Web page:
Small Cells Competition Heats Up: Poles or Rooftops?

The advent of a new generation of high-speed wireless services known as 5G seems to be a given — even though it hasn’t been fully designed yet. To help generate broad public and government support, Verizon recently shared an instant message for residents to send to relevant government officials.

According to Advisory Neighborhood Commissioner Joe Gibbons, the message reads: “I support the immediate rollout of 5G wireless service in our community because of the benefits it will deliver today and the breakthroughs it will enable tomorrow.”

There is now an intense competition among carriers for contracts to deploy 5G infrastructure in the District. The Office of the Chief Technology Officer declared in 2017 that it assumed small cell technology would be in the form of big and small boxes — variously pictured with a tangle of wires emanating from them — installed on poles throughout D.C. neighborhoods.

Five companies — Verizon, Crown Castle, AT&T, Mobilitie and ExteNet Systems — were awarded executed master license agreements through the Department of Transportation’s online permitting system. On Sept. 26, 2018, the Council adopted an Order of Accelerating Wireless Broadband Deployment by Removing Barriers to Infrastructure Investment. Various town meetings were held to compare the master licensees’ proposals for the size and placement density of poles and small cell boxes.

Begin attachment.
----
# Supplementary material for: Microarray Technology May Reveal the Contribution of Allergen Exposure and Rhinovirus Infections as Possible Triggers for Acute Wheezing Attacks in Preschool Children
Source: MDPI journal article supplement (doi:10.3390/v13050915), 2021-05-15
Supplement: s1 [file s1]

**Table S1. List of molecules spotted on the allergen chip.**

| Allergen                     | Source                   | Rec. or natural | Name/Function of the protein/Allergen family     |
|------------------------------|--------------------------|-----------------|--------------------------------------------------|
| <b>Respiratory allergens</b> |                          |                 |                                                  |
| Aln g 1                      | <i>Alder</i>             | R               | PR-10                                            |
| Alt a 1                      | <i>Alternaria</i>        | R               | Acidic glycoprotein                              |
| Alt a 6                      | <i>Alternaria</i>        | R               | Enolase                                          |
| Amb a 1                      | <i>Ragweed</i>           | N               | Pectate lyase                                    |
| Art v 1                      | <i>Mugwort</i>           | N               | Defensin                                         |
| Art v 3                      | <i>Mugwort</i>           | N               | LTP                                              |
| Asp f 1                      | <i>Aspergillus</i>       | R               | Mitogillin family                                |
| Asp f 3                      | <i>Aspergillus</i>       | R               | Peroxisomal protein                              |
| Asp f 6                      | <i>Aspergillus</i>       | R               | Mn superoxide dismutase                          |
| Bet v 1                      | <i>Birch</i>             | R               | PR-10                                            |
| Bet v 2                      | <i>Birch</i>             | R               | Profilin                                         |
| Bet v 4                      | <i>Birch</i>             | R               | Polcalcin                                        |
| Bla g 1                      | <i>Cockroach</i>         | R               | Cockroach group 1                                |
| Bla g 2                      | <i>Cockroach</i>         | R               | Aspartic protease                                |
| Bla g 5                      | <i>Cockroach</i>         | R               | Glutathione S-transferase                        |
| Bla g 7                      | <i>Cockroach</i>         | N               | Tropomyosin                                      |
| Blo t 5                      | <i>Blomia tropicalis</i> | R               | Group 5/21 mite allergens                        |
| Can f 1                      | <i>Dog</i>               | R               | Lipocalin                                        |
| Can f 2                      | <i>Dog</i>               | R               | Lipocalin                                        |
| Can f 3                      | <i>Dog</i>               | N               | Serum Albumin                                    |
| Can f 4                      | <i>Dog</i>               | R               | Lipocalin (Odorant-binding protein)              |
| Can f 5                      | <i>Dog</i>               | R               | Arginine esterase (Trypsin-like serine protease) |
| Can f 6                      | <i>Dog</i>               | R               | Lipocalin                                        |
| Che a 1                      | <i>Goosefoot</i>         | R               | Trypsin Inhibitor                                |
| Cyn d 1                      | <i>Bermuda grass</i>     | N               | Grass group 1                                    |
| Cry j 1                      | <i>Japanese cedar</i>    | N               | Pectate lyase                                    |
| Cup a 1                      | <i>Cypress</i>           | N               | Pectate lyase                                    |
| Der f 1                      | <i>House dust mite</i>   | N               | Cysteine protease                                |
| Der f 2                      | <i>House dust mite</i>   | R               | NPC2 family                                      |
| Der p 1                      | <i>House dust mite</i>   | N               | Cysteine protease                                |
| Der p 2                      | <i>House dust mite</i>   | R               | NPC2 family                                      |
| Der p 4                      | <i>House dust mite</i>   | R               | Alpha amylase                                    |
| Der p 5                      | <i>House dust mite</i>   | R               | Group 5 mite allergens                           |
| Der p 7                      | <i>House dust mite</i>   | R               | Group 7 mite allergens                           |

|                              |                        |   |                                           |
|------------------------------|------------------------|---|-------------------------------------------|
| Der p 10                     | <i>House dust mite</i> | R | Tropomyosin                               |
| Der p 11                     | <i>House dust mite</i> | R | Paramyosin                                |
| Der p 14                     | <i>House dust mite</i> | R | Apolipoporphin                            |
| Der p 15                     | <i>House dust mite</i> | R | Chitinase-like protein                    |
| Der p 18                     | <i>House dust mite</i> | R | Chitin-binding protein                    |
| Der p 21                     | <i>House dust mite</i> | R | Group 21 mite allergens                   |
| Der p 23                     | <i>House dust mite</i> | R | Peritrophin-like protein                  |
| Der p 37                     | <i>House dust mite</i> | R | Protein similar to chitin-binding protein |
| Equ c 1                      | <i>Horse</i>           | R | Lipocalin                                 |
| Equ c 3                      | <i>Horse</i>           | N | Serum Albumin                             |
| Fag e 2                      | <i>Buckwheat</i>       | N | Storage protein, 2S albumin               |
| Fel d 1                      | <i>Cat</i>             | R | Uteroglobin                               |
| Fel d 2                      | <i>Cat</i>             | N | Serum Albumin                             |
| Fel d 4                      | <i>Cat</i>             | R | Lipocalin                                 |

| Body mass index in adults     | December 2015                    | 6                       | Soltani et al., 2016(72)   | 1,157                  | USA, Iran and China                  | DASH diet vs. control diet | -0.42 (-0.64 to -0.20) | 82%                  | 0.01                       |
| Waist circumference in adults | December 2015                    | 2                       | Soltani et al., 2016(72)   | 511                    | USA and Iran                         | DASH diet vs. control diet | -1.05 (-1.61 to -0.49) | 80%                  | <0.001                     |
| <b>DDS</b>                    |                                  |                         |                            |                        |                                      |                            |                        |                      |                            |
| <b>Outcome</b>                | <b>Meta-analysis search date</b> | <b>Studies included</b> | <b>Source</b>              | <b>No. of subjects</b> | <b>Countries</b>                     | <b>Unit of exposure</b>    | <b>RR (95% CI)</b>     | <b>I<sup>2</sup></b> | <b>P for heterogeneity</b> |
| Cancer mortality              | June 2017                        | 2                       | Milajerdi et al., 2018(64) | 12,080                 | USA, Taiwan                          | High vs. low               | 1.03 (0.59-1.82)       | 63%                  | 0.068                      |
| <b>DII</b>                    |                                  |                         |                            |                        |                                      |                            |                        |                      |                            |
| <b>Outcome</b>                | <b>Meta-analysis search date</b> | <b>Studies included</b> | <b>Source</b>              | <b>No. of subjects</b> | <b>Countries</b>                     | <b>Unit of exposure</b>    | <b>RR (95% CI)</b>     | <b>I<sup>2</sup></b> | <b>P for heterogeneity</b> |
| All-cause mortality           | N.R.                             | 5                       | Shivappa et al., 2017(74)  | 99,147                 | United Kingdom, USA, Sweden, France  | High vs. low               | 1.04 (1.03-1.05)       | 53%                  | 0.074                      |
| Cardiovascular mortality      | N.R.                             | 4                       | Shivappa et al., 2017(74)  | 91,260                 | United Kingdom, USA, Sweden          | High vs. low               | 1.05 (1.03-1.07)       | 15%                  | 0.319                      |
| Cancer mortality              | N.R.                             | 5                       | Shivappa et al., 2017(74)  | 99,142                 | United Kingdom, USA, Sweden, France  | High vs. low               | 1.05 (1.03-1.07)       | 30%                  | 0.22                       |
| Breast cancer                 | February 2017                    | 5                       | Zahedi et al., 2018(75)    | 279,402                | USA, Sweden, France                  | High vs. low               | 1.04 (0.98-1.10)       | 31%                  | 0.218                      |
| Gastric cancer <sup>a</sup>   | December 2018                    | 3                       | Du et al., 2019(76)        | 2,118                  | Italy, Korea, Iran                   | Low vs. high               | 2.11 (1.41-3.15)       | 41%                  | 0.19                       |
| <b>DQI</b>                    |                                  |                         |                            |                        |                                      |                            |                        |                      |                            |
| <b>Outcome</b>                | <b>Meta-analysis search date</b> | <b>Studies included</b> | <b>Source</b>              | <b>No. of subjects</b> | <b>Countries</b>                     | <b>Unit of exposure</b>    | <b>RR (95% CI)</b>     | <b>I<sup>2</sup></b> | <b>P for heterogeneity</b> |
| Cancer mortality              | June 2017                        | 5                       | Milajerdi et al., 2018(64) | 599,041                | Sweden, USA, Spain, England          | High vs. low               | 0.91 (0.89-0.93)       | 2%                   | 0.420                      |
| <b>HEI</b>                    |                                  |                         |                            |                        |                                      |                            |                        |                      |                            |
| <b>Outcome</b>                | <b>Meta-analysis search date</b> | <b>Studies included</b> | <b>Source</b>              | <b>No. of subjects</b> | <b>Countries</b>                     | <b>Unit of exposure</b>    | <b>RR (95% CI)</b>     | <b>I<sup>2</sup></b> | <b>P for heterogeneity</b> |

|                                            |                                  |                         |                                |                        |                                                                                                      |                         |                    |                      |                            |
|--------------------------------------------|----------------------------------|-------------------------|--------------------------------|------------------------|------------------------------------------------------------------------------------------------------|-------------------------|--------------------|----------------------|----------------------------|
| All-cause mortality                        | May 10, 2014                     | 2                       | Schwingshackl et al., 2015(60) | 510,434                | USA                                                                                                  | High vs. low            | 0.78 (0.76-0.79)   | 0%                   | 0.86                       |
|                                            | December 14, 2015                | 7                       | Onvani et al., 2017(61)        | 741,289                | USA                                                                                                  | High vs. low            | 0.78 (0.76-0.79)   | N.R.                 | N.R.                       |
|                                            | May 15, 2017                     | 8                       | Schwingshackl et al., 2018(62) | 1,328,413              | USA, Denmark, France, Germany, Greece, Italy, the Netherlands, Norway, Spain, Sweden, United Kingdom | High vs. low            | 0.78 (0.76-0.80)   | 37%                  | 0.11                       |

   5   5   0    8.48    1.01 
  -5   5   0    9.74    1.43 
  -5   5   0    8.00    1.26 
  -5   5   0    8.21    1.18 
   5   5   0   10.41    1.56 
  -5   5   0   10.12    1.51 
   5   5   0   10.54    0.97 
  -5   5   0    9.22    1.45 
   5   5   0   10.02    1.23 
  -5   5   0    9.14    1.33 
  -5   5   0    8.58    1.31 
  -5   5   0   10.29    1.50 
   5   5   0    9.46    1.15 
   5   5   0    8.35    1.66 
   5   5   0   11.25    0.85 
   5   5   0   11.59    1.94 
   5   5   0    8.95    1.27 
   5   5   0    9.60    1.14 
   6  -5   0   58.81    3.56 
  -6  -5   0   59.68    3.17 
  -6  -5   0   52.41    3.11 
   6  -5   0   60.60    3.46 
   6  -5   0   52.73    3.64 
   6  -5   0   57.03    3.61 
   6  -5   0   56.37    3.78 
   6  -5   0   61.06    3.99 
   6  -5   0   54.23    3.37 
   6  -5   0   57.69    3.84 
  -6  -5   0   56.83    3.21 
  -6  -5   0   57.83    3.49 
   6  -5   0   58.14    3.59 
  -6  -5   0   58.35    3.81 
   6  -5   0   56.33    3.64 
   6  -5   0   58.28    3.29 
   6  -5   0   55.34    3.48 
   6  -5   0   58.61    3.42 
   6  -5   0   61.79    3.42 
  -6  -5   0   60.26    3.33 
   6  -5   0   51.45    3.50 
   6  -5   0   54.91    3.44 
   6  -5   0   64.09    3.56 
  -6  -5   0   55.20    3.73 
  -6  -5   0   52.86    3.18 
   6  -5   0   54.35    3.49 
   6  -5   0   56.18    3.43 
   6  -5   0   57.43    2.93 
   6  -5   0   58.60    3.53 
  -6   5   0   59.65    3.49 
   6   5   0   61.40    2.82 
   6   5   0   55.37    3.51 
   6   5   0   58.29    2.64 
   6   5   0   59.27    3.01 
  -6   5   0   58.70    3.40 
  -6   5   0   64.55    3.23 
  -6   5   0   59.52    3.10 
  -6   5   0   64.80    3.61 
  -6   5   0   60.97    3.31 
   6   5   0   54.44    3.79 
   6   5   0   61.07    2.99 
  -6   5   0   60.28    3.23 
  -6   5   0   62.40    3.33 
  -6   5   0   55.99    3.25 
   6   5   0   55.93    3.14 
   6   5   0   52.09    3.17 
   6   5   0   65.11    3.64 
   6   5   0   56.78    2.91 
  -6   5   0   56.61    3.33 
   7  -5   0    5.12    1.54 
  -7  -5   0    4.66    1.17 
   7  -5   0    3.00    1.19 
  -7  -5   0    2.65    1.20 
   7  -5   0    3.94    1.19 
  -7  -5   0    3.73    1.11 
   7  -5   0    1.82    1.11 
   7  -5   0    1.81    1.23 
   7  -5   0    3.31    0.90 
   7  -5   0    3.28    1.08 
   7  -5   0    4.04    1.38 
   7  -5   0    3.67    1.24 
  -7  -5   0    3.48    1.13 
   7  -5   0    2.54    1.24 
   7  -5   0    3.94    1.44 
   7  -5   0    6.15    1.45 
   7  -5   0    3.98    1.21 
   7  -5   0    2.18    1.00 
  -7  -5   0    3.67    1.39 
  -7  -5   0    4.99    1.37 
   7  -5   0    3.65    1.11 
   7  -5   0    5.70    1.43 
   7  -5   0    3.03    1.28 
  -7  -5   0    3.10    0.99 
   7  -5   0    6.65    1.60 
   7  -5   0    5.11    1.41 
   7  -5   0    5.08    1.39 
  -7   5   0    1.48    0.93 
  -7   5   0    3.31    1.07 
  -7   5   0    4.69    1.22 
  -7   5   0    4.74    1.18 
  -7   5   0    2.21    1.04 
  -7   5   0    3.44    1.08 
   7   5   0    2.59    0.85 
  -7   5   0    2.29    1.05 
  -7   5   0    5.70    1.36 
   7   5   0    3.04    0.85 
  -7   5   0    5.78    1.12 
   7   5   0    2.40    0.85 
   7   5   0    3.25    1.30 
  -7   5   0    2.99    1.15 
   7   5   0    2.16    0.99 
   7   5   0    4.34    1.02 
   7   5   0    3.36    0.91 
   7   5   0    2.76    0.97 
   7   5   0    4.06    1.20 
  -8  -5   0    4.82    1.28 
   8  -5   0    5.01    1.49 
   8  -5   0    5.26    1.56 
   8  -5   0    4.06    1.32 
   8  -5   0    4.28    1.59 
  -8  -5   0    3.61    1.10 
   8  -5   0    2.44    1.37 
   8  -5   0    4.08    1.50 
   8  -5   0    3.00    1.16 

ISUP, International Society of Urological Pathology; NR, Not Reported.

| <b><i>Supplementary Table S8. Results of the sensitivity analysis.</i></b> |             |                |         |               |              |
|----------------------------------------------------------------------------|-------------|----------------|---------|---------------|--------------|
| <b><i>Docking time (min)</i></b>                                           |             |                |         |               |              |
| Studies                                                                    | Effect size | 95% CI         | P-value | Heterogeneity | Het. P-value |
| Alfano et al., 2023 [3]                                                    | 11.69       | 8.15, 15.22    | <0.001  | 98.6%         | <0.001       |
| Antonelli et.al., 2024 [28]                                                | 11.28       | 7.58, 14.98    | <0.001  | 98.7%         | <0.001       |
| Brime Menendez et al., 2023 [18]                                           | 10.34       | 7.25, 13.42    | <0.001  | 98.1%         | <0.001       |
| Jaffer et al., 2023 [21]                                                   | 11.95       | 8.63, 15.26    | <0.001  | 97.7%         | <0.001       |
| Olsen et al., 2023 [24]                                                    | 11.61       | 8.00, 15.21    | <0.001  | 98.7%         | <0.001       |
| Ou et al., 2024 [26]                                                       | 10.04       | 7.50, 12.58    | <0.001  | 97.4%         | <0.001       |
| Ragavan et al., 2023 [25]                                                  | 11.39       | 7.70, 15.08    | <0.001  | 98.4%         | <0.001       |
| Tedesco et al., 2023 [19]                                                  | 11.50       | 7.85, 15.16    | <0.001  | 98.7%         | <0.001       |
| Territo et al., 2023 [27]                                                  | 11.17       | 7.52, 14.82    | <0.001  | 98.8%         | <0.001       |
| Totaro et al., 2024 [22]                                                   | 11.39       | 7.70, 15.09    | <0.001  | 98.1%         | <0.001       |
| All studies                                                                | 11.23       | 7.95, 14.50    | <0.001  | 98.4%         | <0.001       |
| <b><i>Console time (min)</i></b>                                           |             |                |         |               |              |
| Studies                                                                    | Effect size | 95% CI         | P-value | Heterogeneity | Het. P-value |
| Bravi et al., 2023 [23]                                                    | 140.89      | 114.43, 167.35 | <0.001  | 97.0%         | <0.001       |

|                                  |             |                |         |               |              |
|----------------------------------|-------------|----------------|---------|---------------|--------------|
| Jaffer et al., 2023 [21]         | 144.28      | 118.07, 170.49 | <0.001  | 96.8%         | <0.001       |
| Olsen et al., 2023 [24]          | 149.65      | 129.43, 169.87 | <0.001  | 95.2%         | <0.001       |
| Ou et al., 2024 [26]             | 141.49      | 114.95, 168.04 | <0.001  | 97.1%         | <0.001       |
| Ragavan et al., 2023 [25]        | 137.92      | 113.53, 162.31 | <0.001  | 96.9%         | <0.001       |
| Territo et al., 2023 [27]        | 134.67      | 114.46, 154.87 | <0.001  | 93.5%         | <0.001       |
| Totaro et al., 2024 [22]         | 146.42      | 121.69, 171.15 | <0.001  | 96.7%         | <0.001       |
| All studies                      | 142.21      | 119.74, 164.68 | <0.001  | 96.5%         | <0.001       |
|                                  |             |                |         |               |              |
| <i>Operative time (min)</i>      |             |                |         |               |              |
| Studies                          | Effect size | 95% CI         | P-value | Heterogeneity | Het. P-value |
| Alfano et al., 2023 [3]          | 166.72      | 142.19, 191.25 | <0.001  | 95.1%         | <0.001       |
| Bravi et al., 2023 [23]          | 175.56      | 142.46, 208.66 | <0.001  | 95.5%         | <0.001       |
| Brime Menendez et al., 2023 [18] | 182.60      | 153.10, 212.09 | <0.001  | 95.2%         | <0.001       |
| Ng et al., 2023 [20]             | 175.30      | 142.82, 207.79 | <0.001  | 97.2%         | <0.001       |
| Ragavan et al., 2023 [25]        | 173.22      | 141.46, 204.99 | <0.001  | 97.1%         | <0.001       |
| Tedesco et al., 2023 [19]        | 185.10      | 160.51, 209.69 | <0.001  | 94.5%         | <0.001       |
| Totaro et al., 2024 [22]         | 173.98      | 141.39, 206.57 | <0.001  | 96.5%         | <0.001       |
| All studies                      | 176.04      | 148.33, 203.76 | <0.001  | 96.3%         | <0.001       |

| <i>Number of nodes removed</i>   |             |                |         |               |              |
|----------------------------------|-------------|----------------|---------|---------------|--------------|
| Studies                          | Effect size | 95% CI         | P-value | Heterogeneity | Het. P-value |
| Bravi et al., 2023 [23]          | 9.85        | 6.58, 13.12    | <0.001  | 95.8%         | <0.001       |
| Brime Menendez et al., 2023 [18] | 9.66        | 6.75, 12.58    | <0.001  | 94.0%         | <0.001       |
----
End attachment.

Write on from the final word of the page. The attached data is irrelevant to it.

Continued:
“Verizon’s antenna poles, for instance, could be 32 feet high in neighborhood streets. No alleys could be used,” according to Gibbons. “Verizon describes the size of its cells as similar to ‘backpack-size antennas’ — which must be Himalaya excursion-size backpacks as the antennas are 24 by 48 inches.”

In several Georgetown meetings held through 2018, Georgetown residents expressed concern about the placement of more sidewalk poles. “I don’t want to wake up one day to find a small cell pole and antenna in front of my bedroom,” said Charlene King, a Potomac Street resident.

But now a new technology has come to light: cell boxes on rooftops.

“They are 24 by 36 by 12-inch boxes with a two-to-three-foot antenna that can sit out of sight on a rooftop,” Shervin Gerami, CEO of TeleWorld Solutions, said at a small press briefing convened by Gibbons at Via Umbria on Wisconsin Avenue in early February. “They would be installed by a carrier like AT&T in a cooperative arrangement that could generate up to several hundred dollars a month revenue for the property owners. Commitment contracts with properties targeted with best sight lines could be negotiated for up to 20 years. They could become very competitive between neighbors and carriers.”

The proposal may be introduced at the March 4 ANC meeting at Georgetown Visitation School.


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